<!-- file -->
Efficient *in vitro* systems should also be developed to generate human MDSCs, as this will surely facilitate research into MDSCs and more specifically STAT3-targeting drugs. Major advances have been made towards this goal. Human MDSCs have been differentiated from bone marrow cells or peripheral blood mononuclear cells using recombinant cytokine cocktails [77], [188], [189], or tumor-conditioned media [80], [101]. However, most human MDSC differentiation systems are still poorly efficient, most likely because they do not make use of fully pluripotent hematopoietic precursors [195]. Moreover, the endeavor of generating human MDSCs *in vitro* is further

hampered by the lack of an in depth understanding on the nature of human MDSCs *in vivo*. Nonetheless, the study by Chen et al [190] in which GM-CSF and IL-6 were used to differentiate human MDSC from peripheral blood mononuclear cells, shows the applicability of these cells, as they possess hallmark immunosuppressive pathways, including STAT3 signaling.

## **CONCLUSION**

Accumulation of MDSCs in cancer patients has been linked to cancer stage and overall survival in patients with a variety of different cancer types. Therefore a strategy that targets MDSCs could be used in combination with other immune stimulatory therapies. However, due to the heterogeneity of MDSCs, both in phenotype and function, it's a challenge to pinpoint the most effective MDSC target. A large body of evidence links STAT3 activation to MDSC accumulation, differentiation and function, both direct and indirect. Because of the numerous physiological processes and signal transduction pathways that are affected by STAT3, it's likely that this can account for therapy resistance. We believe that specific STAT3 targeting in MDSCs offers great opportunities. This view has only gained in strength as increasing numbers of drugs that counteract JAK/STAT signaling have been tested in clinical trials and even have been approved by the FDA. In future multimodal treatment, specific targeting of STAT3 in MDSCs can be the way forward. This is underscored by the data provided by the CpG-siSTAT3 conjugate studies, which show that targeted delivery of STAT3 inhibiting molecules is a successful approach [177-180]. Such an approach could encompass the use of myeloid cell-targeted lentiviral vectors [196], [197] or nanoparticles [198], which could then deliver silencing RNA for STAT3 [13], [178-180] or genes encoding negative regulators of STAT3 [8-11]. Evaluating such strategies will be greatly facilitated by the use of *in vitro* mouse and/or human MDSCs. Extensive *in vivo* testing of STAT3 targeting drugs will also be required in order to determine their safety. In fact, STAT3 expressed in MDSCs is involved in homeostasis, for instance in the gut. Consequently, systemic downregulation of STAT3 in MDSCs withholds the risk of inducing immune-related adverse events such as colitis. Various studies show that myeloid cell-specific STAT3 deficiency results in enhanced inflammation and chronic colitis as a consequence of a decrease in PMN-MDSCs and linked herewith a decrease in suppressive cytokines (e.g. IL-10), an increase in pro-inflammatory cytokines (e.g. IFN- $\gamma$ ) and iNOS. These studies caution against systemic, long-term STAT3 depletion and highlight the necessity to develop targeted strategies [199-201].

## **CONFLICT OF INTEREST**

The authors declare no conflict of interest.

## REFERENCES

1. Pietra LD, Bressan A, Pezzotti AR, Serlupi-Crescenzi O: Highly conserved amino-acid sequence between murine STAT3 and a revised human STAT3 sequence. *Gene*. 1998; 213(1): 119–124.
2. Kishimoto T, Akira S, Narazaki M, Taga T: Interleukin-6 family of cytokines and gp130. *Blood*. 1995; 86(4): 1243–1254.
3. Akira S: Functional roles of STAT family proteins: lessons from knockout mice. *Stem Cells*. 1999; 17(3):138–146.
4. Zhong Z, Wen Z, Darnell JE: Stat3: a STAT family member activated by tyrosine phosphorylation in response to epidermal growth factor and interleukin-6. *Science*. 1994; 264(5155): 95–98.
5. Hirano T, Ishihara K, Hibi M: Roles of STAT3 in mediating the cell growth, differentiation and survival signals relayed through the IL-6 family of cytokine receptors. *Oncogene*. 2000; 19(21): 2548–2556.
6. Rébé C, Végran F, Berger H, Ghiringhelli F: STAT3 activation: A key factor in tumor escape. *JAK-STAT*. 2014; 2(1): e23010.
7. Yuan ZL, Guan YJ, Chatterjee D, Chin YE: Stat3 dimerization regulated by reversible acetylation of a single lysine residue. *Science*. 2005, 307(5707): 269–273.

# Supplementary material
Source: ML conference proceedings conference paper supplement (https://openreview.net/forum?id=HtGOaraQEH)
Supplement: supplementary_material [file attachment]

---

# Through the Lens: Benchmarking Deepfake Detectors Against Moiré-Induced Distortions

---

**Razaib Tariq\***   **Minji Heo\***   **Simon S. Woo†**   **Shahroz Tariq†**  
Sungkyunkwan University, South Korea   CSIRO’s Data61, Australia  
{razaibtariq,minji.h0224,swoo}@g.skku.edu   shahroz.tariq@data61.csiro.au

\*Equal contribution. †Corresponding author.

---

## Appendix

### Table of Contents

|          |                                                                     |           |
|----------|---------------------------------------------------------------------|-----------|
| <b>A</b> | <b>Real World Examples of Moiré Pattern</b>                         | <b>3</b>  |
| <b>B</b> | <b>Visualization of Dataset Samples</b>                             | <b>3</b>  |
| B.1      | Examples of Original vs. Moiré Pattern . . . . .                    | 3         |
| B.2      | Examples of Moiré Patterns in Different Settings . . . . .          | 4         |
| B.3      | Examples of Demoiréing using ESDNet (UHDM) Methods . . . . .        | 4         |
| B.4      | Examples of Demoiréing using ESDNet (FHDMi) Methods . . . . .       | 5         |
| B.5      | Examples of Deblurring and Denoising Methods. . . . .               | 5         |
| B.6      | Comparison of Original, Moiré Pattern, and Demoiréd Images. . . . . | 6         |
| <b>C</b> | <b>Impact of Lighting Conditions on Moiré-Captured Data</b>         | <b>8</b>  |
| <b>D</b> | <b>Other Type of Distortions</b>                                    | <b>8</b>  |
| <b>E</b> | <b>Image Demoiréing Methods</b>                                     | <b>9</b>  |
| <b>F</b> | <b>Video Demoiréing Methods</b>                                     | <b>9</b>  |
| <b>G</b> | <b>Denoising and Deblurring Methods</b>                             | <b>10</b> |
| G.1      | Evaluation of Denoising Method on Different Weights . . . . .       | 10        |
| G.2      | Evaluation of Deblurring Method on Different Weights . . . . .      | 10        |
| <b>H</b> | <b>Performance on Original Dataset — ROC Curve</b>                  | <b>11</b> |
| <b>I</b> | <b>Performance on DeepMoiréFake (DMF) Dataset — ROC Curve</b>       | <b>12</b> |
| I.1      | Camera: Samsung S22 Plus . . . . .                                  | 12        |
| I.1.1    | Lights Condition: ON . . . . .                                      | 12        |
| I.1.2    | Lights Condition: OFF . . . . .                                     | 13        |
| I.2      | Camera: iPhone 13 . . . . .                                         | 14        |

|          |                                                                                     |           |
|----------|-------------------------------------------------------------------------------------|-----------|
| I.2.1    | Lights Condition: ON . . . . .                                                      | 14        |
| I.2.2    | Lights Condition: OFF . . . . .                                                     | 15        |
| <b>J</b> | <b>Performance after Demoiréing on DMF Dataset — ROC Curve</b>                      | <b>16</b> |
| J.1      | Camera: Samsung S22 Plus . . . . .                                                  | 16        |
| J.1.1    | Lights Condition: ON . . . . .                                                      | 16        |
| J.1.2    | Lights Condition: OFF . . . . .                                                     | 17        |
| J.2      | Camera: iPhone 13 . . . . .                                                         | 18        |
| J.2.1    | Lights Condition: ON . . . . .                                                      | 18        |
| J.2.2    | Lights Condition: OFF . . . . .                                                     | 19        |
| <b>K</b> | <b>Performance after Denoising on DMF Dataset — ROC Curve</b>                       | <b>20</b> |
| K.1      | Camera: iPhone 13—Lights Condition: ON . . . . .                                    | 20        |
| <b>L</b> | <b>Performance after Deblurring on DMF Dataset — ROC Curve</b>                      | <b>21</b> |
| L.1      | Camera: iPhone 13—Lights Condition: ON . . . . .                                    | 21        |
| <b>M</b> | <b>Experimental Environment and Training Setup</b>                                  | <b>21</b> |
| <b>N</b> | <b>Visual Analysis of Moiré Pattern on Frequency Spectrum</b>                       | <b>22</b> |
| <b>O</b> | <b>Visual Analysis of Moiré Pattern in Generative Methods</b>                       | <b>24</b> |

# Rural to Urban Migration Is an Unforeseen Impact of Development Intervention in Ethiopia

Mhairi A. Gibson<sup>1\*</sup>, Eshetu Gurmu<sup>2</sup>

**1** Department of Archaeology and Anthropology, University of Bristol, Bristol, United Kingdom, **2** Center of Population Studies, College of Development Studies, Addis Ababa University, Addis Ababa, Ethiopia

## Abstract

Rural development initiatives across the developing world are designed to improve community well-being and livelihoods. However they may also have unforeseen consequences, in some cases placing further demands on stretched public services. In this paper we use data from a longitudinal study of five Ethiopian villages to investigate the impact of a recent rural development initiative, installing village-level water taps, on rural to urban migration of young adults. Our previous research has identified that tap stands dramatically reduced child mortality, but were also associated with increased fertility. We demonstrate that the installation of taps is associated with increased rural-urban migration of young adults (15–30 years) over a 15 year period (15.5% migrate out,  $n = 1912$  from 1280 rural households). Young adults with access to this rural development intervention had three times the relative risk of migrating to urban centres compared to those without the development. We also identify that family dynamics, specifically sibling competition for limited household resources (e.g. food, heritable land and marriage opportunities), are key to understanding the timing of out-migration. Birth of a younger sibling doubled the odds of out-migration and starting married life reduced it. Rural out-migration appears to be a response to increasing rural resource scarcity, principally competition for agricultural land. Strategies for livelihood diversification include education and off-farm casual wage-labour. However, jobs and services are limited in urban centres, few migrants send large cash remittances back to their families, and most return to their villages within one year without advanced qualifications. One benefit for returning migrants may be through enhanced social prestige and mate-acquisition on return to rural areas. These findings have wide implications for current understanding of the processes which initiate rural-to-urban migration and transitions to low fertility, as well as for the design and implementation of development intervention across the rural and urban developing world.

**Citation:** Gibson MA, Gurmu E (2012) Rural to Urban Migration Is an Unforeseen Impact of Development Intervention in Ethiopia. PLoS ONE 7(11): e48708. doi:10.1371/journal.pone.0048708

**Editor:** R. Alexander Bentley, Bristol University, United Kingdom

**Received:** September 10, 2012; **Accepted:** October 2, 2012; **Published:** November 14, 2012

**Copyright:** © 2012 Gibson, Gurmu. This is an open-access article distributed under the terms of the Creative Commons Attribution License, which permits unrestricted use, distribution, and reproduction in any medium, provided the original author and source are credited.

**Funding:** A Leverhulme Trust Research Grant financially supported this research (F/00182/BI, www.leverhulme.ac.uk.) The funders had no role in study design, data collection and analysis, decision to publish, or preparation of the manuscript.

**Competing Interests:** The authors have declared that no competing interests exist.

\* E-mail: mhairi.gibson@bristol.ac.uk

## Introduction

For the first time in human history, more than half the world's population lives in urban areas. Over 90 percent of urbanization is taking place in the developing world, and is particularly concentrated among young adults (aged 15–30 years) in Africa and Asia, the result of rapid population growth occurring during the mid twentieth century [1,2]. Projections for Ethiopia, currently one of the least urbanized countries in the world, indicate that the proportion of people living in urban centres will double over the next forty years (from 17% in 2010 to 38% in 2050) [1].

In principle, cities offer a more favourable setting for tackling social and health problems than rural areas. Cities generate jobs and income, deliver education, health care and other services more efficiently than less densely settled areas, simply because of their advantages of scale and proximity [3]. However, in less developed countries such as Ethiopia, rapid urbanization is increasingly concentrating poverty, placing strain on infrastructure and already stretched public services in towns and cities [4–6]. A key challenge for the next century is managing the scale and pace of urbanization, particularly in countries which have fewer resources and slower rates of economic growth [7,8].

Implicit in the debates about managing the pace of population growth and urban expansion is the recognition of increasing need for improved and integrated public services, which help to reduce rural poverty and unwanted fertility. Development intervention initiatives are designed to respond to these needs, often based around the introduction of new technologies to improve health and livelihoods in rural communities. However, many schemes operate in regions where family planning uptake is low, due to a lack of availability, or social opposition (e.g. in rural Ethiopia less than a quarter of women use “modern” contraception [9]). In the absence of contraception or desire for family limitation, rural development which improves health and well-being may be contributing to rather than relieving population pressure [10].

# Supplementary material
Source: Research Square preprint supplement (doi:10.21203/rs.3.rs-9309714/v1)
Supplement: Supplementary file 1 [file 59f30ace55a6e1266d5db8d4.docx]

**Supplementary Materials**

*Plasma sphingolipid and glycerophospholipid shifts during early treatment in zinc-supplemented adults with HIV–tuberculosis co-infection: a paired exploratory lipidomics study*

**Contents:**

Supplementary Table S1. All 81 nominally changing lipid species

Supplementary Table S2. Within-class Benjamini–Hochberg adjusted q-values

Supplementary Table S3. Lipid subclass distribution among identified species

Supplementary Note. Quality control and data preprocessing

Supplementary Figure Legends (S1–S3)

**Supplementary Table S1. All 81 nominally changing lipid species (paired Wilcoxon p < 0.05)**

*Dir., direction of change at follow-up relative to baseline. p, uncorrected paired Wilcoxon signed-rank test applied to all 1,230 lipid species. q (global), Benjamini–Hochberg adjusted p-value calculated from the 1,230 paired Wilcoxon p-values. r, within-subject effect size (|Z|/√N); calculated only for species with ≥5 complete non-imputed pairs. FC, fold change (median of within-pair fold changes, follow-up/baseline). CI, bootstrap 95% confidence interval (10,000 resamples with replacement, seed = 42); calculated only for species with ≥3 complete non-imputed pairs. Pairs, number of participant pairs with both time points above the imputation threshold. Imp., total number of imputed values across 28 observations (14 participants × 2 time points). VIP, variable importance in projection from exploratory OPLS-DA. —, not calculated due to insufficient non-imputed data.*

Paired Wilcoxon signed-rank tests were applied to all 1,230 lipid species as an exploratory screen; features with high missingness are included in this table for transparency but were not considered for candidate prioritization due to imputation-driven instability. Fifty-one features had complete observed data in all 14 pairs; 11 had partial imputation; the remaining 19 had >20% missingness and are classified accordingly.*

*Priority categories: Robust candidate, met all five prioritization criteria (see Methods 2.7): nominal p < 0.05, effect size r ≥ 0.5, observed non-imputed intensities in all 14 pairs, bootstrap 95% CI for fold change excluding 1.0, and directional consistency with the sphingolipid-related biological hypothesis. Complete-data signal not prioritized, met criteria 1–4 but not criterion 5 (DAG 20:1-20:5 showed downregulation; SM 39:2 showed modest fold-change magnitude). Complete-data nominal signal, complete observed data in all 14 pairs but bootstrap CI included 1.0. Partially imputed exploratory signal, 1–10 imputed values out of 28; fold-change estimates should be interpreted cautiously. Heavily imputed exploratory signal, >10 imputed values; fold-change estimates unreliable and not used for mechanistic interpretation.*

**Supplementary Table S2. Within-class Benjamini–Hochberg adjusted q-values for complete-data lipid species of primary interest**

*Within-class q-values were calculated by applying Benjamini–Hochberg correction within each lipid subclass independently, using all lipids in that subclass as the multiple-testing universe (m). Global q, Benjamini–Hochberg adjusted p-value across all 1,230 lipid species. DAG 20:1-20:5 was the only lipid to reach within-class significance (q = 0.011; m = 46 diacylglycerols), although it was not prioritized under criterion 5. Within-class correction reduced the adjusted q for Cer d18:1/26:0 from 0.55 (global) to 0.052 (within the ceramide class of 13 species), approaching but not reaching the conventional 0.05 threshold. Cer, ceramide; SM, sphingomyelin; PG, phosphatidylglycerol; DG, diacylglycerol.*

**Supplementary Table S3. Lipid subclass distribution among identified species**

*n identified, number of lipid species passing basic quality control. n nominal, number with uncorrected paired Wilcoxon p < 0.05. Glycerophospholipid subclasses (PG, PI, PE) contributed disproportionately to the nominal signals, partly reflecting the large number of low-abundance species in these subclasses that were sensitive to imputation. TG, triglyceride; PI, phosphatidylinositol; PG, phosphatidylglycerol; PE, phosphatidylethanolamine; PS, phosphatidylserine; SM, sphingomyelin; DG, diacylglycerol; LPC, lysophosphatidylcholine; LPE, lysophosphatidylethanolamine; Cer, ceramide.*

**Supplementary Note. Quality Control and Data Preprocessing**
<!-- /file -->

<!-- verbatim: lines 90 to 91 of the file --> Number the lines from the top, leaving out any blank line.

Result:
**Contents:**

Supplementary Table S1. All 81 nominally changing lipid species